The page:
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Meteos: Disney Magic

by Jonathan Metts - March 7, 2007, 9:36 pm PST
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The best puzzle game on DS is back with new moves and tons of Disney characters, but is it better than the original?

The original Meteos is easily one of my favorite DS games. I can still pick it up randomly and get addicted to it for a few days, even two years after I first imported it. Needless to say, I have been curious about the sequel, Meteos: Disney Magic. Who would think of combining a frantic, abstract, space-themed puzzle game with Disney properties such as The Little Mermaid and Winnie the Pooh? Nevertheless, more Meteos sounded good to me. The biggest problem with Disney Magic is that you can easily get more Meteos by simply picking up the first game. It really never gets old, and sadly, its newer and more colorful retooling offers no significant gameplay upgrades and is surprisingly less charming.

Now, that's not to say that everything is the same. Disney Magic turns Meteos on its side, so now you hold the DS like an open book. The advantage of this layout is that the vertically oriented gameplay fits better on the now vertically oriented screen, and the pieces can be made larger so playing doesn't feel like surgery. (Leave that to Trauma Center.) On the downside, not as many blocks fit across the screen, so you are always playing with eight columns whereas the original Meteos varied from eight up to eleven, depending on the stage. There's no more room for the "speed up" button on the touch screen, so you have to press the down direction on the D-pad for that function, which is a bit awkward with the system in this position.

An even bigger change is that you can now move blocks horizontally as well as vertically. It's not as game-breaking as you might expect, partly because you can't make diagonal moves. If you want to move a block two spaces to the right and one space down, you have to do the horizontal move, then lift the stylus to end that move, then touch the block again and move it down. Although it may sound annoying, this restriction of one axis at a time slows you down enough that you can't just move pieces anywhere you want as fast as you want. It basically saves the game, because allowing horizontal moves does open up a lot more possibilities and effectively makes the game easier. However, seasoned Meteos players probably won't notice much difference at first because their pattern recognition is based on vertical movement. With vertical and horizontal movement kept separate as they are, Disney Magic is arguably more difficult than its predecessor because the narrower playing field means you have fewer opportunities to make matches. (By the way, the random scribbling "cheat" still works, except now you can do it in two dimensions.)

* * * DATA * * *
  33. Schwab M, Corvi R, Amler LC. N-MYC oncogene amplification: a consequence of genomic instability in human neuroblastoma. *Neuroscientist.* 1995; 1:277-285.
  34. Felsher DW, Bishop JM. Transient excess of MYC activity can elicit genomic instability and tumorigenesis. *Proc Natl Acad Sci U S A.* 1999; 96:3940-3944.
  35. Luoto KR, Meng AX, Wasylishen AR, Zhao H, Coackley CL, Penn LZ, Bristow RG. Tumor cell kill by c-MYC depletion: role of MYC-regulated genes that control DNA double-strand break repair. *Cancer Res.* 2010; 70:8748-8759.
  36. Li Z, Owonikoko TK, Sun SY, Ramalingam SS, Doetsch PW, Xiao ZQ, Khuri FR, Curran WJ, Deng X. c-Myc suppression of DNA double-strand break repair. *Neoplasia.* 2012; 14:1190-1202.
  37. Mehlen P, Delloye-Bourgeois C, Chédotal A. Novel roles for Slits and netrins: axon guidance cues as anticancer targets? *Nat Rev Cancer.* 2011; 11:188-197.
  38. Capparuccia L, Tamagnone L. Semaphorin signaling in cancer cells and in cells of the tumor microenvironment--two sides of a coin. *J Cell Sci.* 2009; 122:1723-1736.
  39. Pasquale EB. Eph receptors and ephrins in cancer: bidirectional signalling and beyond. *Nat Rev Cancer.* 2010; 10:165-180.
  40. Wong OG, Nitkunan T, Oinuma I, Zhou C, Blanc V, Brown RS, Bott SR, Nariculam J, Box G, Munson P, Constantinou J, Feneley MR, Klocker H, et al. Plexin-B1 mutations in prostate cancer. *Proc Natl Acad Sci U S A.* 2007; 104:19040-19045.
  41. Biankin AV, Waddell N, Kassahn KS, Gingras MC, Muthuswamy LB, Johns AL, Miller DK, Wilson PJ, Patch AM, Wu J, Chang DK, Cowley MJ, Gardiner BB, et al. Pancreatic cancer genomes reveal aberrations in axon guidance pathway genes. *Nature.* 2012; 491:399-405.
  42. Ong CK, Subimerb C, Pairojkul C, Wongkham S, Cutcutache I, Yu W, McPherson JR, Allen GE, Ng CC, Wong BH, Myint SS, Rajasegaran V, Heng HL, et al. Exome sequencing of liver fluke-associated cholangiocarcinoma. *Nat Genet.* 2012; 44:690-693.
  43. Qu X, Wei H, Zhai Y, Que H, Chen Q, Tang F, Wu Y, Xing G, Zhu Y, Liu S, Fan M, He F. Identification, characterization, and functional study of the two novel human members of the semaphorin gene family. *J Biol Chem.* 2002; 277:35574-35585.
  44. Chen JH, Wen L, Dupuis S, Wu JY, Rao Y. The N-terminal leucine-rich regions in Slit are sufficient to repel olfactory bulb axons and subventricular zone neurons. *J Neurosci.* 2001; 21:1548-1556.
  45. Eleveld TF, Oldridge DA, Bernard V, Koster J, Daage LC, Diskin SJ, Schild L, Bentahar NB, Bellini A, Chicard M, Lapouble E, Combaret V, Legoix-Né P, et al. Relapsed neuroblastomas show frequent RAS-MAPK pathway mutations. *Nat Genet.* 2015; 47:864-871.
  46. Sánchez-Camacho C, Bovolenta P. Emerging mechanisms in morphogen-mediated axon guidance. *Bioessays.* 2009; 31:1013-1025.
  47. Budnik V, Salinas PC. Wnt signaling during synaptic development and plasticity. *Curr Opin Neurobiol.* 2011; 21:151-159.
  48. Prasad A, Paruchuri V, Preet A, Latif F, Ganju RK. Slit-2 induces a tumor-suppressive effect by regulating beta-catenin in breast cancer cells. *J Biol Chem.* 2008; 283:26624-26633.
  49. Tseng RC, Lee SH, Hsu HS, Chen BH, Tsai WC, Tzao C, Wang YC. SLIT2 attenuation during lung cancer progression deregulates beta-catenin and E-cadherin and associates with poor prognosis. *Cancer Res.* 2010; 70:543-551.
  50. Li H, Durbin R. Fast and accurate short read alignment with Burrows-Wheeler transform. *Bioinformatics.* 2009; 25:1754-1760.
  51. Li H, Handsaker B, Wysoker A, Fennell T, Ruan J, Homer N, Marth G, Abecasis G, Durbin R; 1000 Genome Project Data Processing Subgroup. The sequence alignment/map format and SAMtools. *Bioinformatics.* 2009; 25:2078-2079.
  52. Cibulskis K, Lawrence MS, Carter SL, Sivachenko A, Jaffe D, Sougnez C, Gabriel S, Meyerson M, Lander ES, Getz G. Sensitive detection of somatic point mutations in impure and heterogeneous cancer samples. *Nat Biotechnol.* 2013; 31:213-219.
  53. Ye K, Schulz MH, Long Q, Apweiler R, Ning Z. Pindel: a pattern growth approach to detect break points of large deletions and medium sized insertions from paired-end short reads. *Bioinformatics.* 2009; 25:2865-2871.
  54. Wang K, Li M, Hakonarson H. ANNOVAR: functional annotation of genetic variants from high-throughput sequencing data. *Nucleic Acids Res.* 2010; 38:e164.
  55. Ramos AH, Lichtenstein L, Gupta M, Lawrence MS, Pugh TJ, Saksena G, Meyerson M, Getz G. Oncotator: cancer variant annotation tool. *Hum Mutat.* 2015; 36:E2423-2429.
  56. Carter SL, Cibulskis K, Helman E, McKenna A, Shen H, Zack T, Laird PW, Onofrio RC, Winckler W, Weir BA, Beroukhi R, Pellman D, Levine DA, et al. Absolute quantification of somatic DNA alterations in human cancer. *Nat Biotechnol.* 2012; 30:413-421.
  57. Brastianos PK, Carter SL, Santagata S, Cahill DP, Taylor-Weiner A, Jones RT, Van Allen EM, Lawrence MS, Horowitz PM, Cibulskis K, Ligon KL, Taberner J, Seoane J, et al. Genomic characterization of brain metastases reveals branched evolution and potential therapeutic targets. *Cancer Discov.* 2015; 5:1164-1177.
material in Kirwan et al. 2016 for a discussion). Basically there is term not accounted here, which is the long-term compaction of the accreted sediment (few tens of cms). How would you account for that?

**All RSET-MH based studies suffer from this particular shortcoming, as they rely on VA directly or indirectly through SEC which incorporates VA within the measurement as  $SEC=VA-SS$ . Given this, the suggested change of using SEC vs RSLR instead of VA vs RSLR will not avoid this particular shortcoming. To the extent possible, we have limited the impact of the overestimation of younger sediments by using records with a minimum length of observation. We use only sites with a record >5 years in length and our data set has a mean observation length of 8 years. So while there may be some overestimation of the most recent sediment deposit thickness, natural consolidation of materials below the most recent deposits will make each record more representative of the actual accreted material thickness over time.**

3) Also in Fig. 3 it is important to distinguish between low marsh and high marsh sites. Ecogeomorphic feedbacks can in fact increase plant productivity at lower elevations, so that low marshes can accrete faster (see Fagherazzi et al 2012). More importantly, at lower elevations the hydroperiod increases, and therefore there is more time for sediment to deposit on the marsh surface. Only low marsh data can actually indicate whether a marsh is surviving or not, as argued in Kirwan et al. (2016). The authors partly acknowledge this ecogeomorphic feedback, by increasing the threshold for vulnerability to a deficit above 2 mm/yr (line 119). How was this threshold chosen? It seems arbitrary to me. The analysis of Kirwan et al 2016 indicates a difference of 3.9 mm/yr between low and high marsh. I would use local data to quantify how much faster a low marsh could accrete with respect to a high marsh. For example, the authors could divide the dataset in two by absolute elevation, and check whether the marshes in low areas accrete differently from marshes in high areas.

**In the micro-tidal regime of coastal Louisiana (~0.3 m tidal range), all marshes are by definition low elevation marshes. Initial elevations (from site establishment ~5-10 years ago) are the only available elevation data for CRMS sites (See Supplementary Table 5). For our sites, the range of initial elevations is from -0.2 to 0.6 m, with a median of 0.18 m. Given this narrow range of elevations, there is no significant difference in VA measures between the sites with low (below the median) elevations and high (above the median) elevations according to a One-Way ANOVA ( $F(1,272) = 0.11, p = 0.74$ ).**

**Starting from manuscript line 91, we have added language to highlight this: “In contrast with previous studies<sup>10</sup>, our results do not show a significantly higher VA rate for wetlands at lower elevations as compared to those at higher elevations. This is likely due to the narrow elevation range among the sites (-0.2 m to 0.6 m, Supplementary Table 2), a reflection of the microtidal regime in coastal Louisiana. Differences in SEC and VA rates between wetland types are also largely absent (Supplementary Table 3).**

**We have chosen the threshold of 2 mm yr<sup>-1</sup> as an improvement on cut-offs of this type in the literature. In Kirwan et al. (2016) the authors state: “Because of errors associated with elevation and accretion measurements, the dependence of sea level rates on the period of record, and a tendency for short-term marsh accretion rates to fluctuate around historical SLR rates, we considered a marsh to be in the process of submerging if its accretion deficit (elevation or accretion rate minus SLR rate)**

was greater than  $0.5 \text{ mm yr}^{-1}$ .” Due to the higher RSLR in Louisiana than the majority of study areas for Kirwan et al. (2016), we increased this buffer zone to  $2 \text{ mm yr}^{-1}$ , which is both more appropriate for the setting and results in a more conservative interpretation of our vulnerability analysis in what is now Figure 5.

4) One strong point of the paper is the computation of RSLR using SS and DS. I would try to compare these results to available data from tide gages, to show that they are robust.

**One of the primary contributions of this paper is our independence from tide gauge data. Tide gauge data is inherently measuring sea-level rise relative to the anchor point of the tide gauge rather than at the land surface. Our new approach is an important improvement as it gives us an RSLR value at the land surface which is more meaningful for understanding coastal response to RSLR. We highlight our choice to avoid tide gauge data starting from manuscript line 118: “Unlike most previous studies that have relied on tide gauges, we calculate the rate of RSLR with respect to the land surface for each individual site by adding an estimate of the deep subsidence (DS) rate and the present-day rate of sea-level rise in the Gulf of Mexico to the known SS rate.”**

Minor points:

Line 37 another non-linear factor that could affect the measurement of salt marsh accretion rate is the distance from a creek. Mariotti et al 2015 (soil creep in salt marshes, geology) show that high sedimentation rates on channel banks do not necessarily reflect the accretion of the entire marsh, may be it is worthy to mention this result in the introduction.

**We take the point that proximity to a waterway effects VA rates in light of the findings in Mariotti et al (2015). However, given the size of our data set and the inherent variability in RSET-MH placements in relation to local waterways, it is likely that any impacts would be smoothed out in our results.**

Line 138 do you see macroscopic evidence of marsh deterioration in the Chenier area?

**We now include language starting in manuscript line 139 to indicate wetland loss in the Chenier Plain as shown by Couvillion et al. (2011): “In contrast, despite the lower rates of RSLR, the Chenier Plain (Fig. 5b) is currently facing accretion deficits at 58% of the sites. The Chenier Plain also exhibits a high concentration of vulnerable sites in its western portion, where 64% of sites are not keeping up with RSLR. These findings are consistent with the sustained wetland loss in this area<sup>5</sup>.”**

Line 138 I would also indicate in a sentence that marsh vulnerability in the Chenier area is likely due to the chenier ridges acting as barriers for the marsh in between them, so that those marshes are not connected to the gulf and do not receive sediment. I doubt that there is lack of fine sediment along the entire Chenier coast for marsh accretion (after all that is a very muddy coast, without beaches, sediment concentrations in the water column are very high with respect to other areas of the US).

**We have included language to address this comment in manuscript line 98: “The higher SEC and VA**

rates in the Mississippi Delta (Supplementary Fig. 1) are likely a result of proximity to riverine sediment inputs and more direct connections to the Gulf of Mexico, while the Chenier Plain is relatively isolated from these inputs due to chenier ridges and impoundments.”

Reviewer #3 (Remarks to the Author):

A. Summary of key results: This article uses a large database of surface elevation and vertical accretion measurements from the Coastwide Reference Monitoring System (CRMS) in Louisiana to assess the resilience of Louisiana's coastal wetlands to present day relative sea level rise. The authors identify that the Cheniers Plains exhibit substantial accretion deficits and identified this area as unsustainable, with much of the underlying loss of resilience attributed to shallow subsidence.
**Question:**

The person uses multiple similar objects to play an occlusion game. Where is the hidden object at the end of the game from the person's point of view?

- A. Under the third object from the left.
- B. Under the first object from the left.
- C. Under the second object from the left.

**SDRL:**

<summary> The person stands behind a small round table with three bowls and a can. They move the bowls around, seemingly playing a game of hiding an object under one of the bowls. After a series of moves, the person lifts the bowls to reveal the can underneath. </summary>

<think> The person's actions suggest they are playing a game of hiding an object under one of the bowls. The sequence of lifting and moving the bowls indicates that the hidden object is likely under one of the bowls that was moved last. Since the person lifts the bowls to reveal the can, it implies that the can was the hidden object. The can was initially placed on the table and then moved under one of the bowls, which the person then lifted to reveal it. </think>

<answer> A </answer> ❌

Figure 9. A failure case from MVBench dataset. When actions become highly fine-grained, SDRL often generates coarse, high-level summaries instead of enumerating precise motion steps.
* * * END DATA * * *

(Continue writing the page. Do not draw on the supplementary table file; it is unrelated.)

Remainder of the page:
Expert mode is closer to the old style, only allowing horizontal movement as a special power with limited use. Good luck getting to it though, because Expert mode is locked until you beat Hard mode. It took me several tries just to get through Normal, and I still haven't been able to complete Hard. Realize that I'm a pretty good Meteos player; I can regularly set up five-block blasts, combo the entire screen, and generally have my way with the computer A.I. You see, the missions in Disney Magic's story mode aren't challenging because of unusual gravity effects or clever opponents, but because they ask you to clear out incredible quantities of blocks in very short time limits. Not all missions are like that; in fact, most just ask you to play until a certain kind of block has been cleared a certain number of times, which is silly in itself because it's not like you could focus on a single color; you have to clear the board fairly evenly just to survive.